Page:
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Fundamentalists threaten secular society

By Elaine Bolitho

Religious fundamentalism is a powerful force that threatens peace and harmony within nations and globally. Professor Lloyd Geering made this observation in a recent series of lectures at St Andrews on the Terrace Church in Wellington.

Lloyd told Touchstone that Jewish, Christian and Islamic fundamentalists oppose the modern secular world and its pattern of change, knowledge explosion, and view of truth as relative. Instead fundamentalists seek to hold onto the worldview they see in their respective holy scriptures.

Fundamentalists are a new phenomenon, Lloyd says. They do not seek a radical return to traditional roots as urged by reformers over the centuries. Rather, using a narrowly selected range of scriptures, they react against the present and try to make it conform to selected values from the past. This gives them a sense of security.

“In the old world, people felt they had a certain security. In the modern world we don’t have security, either of understanding where we are going, or where we have come from – everything is relative. Even language is changing and developing. Our ideas are changing and developing. We just happen to live at a certain point in the process.

“Christian and Muslim fundamentalists are very much tied to a two-world view of reality which, in the secular world we are not. In the secular world there is only one world and this is it. This worldview is opposed by Jewish, Muslim and Christian fundamentalists alike because it undermines the absolutes they want to affirm. But in the process, they distort the faiths they set out to champion.”

Devaluing this world and affirming the world to come explains the readiness of Islamic fundamentalists to become suicide bombers. They believe this gives them immediate access to the glories of the next world.

“They had the same problem in Christianity back in the second and third centuries. There were people who rather wanted to be persecuted, who wanted to become martyrs, because it seemed a much better thing to do. They had to be restrained.”

As well as the potential for martyrdom, belief in being guardians of absolute truth also directly opposes the values of tolerance and equality. Such opposition can deteriorate into fanaticism, tribal nationalism, terrorism and willingness to wage war.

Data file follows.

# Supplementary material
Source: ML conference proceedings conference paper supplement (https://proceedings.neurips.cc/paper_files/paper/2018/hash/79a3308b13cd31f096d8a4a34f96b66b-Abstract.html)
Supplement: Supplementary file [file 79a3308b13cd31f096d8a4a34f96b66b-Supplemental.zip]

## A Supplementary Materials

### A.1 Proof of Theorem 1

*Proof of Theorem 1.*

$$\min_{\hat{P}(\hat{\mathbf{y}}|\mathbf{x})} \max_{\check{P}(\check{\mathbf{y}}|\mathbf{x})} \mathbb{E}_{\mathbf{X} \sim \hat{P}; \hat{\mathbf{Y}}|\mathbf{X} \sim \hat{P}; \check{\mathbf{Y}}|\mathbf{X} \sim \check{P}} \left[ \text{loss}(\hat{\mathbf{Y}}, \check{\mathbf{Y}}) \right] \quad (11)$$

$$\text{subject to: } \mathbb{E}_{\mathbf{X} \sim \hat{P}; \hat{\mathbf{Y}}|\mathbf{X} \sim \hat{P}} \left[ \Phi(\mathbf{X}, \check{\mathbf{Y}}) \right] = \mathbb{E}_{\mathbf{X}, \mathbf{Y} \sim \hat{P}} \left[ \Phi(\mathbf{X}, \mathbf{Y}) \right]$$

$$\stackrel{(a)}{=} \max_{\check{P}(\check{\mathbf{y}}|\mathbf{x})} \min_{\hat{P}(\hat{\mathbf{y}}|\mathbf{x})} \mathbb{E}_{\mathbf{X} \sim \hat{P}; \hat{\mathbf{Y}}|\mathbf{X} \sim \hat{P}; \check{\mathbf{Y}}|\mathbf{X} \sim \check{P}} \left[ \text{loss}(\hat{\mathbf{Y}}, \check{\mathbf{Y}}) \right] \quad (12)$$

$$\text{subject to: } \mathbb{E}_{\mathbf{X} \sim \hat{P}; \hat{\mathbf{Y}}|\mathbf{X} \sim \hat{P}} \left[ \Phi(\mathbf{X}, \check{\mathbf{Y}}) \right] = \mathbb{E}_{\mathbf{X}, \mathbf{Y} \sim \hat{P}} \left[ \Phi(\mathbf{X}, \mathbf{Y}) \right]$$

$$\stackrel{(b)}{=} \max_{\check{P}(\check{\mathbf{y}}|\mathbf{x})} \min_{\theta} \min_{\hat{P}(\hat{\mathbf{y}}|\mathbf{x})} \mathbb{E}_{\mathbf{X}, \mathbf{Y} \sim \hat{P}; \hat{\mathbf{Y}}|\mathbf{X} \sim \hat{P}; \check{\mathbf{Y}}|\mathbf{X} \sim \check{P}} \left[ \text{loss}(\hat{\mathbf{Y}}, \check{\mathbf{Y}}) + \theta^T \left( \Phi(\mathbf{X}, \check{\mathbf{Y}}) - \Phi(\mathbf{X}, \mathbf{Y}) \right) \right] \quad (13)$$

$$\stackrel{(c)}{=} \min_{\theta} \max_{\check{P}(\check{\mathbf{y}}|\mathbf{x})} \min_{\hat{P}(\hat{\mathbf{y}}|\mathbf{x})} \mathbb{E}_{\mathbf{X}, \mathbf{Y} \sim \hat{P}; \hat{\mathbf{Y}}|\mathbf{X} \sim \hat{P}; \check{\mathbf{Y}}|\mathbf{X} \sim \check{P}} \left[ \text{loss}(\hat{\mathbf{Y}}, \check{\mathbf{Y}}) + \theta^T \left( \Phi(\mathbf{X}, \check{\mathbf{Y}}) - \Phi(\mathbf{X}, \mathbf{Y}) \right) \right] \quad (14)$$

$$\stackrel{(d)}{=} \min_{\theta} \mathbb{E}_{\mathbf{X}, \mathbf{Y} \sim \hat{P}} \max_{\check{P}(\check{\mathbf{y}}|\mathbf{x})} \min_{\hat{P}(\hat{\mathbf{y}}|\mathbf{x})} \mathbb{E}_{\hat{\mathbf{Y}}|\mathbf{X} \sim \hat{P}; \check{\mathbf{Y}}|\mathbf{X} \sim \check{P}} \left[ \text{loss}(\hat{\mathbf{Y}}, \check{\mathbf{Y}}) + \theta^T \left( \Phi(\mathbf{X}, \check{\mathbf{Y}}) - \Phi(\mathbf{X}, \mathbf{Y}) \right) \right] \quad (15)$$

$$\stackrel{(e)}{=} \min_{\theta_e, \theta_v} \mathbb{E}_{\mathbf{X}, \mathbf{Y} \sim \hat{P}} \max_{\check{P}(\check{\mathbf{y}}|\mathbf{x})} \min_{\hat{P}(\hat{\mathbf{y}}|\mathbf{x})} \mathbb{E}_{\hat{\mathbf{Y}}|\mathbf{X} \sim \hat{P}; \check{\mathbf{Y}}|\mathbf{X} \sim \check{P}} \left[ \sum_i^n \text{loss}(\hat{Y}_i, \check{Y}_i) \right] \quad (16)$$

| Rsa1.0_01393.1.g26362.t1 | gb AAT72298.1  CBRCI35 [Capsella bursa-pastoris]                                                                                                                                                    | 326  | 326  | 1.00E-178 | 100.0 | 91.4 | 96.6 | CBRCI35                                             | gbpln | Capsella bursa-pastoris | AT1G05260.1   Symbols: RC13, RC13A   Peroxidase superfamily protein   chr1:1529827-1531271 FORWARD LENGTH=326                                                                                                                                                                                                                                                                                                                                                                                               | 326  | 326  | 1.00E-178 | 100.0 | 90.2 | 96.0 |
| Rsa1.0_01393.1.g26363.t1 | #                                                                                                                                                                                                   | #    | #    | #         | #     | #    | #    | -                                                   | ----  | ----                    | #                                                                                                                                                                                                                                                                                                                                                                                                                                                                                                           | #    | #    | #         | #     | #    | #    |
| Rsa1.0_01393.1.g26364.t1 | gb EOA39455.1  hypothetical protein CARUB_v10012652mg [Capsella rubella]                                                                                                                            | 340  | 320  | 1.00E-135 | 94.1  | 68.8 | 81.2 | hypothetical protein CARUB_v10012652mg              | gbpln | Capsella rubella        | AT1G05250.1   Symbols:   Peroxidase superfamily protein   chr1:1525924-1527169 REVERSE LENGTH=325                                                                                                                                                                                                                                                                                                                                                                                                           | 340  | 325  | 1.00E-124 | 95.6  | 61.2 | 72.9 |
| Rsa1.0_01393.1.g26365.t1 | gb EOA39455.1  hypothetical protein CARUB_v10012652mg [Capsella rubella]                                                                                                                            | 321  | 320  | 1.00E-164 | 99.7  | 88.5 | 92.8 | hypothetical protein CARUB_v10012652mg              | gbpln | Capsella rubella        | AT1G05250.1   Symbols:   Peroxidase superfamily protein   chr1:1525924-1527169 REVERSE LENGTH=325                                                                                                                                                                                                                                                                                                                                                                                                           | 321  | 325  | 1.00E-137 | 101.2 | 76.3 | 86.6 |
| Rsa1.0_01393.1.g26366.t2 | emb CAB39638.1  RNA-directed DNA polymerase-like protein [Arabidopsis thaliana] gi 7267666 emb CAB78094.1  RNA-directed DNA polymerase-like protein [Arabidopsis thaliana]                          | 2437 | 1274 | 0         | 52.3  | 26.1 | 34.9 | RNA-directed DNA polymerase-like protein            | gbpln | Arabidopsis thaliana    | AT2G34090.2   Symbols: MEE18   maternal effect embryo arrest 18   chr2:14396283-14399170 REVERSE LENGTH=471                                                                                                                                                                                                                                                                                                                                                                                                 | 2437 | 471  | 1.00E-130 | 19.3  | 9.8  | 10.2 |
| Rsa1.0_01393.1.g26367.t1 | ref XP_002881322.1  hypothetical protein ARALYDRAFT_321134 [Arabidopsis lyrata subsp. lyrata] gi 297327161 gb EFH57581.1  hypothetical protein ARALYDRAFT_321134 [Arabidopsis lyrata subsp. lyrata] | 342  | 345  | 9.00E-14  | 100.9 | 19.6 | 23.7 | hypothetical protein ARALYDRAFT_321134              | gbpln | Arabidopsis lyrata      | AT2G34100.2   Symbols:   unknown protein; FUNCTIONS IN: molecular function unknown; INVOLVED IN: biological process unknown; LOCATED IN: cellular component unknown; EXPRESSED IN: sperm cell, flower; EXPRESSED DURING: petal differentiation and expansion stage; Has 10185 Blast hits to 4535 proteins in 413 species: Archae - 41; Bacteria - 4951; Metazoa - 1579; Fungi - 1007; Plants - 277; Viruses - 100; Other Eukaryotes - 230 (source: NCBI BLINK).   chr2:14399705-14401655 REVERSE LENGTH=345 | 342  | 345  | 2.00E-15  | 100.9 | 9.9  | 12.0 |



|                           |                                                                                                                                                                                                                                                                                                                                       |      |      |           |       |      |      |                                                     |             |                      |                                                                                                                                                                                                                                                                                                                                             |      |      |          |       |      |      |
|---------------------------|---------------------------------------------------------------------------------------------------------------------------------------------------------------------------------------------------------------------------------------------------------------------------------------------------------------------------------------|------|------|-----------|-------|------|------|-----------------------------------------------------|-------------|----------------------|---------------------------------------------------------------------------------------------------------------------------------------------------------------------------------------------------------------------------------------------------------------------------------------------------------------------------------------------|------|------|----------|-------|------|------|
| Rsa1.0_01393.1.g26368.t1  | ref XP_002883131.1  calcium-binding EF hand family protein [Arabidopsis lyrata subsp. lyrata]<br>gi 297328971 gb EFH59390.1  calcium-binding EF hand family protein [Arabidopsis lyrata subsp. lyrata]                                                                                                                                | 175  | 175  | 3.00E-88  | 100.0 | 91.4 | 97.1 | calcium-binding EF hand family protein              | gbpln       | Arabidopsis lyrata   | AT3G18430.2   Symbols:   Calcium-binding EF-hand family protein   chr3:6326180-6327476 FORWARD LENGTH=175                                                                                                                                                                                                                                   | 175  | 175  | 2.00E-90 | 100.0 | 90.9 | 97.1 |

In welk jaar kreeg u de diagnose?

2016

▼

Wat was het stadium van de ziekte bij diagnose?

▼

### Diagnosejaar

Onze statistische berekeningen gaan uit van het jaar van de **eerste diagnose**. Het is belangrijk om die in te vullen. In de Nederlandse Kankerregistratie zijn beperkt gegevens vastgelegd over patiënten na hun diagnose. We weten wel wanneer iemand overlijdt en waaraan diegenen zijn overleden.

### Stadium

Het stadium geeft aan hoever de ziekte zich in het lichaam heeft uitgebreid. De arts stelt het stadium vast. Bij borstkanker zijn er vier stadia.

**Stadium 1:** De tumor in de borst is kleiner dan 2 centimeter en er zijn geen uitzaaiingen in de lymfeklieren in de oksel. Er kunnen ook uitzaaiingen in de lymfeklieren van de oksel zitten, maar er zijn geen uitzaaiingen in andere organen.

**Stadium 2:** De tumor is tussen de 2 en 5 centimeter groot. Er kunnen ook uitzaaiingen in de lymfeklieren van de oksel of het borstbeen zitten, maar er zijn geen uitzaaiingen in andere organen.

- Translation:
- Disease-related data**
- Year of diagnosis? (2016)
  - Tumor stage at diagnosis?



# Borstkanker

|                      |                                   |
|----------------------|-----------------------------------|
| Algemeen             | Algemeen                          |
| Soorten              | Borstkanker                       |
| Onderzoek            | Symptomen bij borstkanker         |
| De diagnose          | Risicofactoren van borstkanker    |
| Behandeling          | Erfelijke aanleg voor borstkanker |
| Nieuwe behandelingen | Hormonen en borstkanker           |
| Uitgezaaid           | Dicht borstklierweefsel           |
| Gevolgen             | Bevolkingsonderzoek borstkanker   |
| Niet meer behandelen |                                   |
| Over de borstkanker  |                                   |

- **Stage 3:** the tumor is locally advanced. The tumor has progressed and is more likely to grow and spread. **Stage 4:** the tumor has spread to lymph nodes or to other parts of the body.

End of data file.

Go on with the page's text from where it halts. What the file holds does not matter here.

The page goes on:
Dangers to humanity

It is easy for us to see Islamic fundamentalism as a danger to humanity. Less obvious is the danger of Christian fundamentalism in the world's most powerful nation. An estimated 30 percent of Americans hold Christian fundamentalist views, and their leaders influence President Bush. Christian fundamentalists do not need to resort to terrorism, their nation wages war for them.

Well-funded televangelists – mouthpieces of American Christian fundamentalism – preach messages that support Zionism and strongly emphasise Christ's second coming. These messages meet in the belief that the more Jews are settled in Israel, the sooner Christ will come again. Western support for Israel causes a major clash in relationships with Islamic nations.

In the light of September 11, the war in Iraq and Israeli-Palestinian relationships, Lloyd no longer considers fundamentalism "harmless but misguided beliefs."

He says a fundamentalist reaction began in New Zealand in the 1920s. New Zealand, the churches were reasonably liberal at that stage and did not want to upset the fundamentalists. They were free to be themselves, and confrontation was avoided at all costs."

Moving on from this approach, Lloyd now sees fundamentalism as bad for the individual because it encourages the individual to live in a false world. Fundamentalism is also bad for society, because it polarises people. Liberal thought always tries to develop cohesion in society, of a rich and varied kind, whereas fundamentalism wants society to be exactly like it.

Although Lloyd says tolerance is always commendable, he adds "the time has come, and is indeed overdue, for the liberal voice to heard loud and clear in the churches."

The text of Lloyd’s lectures is available in the 60-page booklet "Fundamentalism – the challenge to the secular world". This can be ordered for $14.50 from the St Andrews Trust for the Study of Religion and Society, PO Box 5203, Wellington.